What is wild yam root?
DISCLAIMER: CONSULT WITH A DOCTOR BEFORE DECIDING ON A TREATMENT PLAN FOR ANY DISEASE OR INJURY.
Wild yam root (Dioscorea villosa) is a natural female contraceptive with a long history of use in Native American and Mexican cultures, as well as in Southeast Asia, China, and Japan. It is also known as American yam, fourleaf yam, yuma, Shan-Yao, and Devil’s Bones (among other names). As some readers may already know, the compound diosgenin found in wild yam root was the predecessor to the modern birth control pill, in which it can be synthetically converted to progesterone. What most readers may not know is that diosgenin was also the natural precursor to other commonly prescribed synthetic pharmaceuticals like steroid drugs, hydrocortisone cream, and DHEA, a synthetic hormone administered in an attempt to support adrenal function.
Before continuing, it’s worth noting that although wild yam root is related to the common, cultivated yam, it’s necessary to be aware that these are two different plants with two different functions. The yam that you may be more familiar with as a food is most likely to be either Dioscorea rotundata, Dioscorea alata, or Dioscorea trifida, or another species of cultivated, edible yam.
In order to understand an herb’s actual function, knowing how it is currently used and how it has traditionally been used as a medicine can help illuminate otherwise hidden aspects of the plant’s properties. So, although this article concentrates on wild yam’s use as a contraceptive herb, as you can see below, it also has other applications for women’s health in particular, as well as for general health and well-being.
Thus, besides being used as a contraceptive, wild yam root has also been used to treat/prevent:
- Menstrual cramps
- Stomach upset
- Morning sickness
- Menopausal symptoms (including hot flashes, pain, insomnia, etc)
- Cancer (including breast cancer and leukemia)
- Muscle spasms
- Fungal infection (including Candida overgrowth)
- High cholesterol
- Leg cramps
- Labor pains
- Threatened miscarriage
- Liver and gallbladder conditions (including jaundice, the improvement of general gallbladder health, support of the passage of small gallstones, and stimulation of bile production; this action in the gallbladder specifically is linked to overall improvements in digestion as well as hormonal health)
- Hepatoprotective agent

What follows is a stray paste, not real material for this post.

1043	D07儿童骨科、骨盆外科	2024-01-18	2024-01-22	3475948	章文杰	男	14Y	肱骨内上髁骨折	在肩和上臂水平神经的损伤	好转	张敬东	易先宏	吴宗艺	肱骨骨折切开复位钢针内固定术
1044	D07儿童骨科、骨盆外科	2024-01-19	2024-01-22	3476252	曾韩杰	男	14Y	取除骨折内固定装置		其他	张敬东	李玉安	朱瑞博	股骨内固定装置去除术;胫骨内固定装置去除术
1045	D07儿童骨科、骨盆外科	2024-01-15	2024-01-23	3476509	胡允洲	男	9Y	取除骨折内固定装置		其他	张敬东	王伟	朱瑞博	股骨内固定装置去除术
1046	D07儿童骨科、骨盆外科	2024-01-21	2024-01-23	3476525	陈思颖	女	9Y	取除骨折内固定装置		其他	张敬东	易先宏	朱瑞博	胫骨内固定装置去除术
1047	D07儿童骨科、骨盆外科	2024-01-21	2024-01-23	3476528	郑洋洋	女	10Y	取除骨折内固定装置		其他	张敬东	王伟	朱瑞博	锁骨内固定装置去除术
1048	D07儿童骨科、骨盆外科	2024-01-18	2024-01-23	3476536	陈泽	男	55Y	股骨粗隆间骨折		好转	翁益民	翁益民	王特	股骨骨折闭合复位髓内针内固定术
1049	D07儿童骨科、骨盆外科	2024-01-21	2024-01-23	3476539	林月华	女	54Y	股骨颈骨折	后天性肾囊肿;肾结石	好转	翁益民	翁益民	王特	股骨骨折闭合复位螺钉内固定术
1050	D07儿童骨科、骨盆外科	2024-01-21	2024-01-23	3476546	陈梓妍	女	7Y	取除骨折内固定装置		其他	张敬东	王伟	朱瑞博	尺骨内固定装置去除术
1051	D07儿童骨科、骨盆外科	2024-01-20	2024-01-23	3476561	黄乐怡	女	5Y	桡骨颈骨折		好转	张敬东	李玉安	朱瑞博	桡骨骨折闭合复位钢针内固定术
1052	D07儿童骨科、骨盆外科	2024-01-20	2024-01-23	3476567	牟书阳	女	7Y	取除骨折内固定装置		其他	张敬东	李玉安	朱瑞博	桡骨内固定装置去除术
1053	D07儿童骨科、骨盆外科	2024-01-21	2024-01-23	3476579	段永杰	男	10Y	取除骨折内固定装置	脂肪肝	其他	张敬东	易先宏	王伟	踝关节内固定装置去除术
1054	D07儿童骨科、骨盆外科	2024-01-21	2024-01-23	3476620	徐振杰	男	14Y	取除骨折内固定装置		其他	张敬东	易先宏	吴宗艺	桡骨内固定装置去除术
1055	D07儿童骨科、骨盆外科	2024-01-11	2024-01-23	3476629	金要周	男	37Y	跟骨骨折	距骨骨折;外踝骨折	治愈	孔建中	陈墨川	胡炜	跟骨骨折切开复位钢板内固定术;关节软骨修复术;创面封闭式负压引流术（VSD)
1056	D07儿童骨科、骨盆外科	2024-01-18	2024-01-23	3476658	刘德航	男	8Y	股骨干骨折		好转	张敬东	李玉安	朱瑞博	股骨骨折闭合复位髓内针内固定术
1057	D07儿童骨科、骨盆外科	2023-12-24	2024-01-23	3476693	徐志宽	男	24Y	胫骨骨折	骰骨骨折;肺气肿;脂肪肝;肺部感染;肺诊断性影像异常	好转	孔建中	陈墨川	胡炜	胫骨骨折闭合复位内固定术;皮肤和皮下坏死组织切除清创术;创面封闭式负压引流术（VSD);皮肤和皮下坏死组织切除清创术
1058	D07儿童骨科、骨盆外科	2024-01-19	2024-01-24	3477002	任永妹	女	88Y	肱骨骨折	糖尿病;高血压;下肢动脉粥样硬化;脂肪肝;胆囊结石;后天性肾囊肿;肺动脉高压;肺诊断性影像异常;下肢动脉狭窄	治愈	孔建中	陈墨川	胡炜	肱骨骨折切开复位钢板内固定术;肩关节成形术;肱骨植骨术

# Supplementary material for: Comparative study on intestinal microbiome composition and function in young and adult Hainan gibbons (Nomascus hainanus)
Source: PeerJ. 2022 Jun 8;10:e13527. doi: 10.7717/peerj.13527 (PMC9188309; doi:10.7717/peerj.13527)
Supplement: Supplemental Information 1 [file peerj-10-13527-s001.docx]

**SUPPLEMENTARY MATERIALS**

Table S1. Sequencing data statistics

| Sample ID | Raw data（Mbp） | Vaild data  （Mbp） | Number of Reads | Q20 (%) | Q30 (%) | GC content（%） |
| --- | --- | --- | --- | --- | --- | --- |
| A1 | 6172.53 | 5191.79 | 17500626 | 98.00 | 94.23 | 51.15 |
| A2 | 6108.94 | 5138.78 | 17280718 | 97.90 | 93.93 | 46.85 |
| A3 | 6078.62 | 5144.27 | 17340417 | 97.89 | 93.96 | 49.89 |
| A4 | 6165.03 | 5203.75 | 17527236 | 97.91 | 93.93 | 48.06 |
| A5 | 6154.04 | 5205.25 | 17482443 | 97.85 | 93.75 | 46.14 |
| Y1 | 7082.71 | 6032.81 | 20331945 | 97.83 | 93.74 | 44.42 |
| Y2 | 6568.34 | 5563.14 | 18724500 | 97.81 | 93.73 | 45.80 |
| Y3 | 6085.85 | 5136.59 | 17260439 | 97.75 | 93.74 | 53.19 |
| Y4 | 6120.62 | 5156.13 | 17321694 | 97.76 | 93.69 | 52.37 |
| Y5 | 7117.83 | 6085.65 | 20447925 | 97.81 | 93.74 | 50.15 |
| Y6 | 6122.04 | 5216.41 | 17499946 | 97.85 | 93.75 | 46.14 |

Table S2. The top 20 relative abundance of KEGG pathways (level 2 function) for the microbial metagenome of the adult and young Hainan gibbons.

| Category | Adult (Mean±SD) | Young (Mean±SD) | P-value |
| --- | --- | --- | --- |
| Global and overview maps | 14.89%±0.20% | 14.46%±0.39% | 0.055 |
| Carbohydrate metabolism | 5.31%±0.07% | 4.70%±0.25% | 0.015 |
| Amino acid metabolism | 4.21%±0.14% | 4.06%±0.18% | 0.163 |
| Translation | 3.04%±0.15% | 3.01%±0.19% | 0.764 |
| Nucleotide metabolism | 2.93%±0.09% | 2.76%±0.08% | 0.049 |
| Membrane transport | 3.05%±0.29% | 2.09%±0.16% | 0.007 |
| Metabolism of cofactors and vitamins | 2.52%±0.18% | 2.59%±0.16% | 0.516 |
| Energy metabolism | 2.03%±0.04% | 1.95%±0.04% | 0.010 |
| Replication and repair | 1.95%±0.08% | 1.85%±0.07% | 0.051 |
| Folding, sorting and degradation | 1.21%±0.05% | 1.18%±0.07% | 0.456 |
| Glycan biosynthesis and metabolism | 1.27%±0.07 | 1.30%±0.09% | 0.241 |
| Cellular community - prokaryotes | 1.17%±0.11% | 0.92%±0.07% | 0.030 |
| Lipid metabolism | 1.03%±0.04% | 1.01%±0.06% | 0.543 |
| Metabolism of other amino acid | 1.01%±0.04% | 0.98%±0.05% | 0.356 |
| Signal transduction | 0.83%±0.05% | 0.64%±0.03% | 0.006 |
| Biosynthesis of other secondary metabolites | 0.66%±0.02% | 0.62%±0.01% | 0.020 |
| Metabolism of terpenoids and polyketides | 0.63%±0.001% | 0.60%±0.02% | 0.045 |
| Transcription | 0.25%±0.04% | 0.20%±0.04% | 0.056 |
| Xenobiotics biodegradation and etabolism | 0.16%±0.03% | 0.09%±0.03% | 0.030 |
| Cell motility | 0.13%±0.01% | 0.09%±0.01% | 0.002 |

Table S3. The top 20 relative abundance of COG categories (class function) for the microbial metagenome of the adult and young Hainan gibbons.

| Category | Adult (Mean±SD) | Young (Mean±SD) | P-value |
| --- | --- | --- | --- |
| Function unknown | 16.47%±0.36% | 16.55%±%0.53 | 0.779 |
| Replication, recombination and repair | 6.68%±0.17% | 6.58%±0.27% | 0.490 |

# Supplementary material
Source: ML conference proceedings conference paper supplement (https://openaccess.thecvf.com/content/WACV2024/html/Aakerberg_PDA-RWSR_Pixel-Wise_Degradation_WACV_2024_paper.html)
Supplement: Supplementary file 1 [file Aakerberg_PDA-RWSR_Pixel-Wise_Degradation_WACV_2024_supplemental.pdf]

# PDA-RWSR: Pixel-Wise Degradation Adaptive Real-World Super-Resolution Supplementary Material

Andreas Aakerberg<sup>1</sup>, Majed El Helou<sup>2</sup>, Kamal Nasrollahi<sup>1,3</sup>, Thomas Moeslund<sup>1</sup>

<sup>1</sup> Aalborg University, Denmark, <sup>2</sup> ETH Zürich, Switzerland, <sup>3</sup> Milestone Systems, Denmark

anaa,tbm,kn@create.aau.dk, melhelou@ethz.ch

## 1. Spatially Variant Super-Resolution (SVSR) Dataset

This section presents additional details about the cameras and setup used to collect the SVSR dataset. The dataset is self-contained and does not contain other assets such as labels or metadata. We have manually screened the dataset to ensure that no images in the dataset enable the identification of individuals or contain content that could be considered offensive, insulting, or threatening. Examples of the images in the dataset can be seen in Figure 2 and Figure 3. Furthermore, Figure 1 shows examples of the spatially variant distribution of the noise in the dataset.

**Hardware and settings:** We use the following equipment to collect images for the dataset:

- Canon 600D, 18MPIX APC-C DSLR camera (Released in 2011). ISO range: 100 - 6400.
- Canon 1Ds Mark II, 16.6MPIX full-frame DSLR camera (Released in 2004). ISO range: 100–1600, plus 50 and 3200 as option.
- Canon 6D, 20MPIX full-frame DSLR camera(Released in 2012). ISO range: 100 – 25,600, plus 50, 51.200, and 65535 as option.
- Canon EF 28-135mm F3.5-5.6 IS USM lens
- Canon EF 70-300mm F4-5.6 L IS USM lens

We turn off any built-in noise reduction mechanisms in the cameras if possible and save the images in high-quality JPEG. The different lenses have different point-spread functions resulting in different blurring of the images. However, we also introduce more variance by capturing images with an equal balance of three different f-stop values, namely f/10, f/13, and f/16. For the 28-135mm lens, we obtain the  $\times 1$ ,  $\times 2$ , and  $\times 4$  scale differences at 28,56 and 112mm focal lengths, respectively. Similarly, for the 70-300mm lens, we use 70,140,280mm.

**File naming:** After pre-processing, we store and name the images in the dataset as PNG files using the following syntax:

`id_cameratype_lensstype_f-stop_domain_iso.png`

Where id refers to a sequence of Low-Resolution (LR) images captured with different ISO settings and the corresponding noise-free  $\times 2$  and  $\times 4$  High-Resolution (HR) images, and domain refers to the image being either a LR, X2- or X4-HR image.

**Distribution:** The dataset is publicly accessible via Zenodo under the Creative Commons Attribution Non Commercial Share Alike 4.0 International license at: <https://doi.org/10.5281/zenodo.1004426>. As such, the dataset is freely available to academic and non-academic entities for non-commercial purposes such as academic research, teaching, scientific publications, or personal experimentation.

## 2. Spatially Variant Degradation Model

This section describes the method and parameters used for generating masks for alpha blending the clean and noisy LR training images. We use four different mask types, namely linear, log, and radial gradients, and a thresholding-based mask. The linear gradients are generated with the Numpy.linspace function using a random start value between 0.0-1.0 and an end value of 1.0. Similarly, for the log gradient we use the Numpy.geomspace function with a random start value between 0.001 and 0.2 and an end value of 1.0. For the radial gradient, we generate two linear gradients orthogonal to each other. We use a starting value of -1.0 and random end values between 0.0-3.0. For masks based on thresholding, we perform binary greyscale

- Chronic cough
- Anorexia (loss of appetite)
- Chronic thirst
- Arthritis (including rheumatoid arthritis and osteoarthritis)
- Infant colic (this use of Dioscorea villosa earned it another name: “colic root”)
- Urinary tract infections
- High blood sugar levels
- Vaginal dryness
- Premenstrual Syndrome (PMS)
- Adrenal exhaustion
- Mild angina
How Wild Yam Root Works as a Contraceptive
Wild yam root contains a phytoestrogenic compound called diosgenin. Phytoestrogens are plant compounds that mimic the action of estrogen produced in the human body; interestingly, though, some research has noted that despite the fact that diosgenin is a phytoestrogen, it doesn’t behave like an estrogen in the body, unlike other phytoestrogens from plants like soy.
There’s a lot of controversy around how exactly diosgenin works when a woman takes wild yam root. One body of thought notes that although diosgenin is indeed a phytoestrogen, and that while it can synthetically be converted to progesterone in a lab, that this particular compound cannot be converted to progesterone naturally by the body. This same body of thought claims that wild yam root isn’t an effective contraceptive nor treatment for any related health condition (which, based on reports from native populations across the globe that have used this herb successfully for thousands of years to manage fertility, can’t possibly be the whole truth).
Another body of thought, in contrast, acknowledges that wild yam root works (at least in many cases, like with any contraceptive, natural or synthetic, there’s a margin of “error”), but researchers haven’t established why the plant works the way that it does. The people who ascribe to this idea accept that, yes, wild yam root can be highly effective. However, the scientific evidence that it works and for how and why it works is still extremely limited.
One anecdotal report says that Native American women in Appalachia used to drink wild yam root at very high (nearly toxic) doses for 3-4 days in order to become sterile. Women in childbirth were given a tea in which the root had been steeped for a few hours to help ease labor pains. In humans, the vast majority of evidence that wild yam root works is packaged in stories like these. There are, however, some animal studies that suggest some possible mechanisms through which natural wild yam root may work as a contraceptive.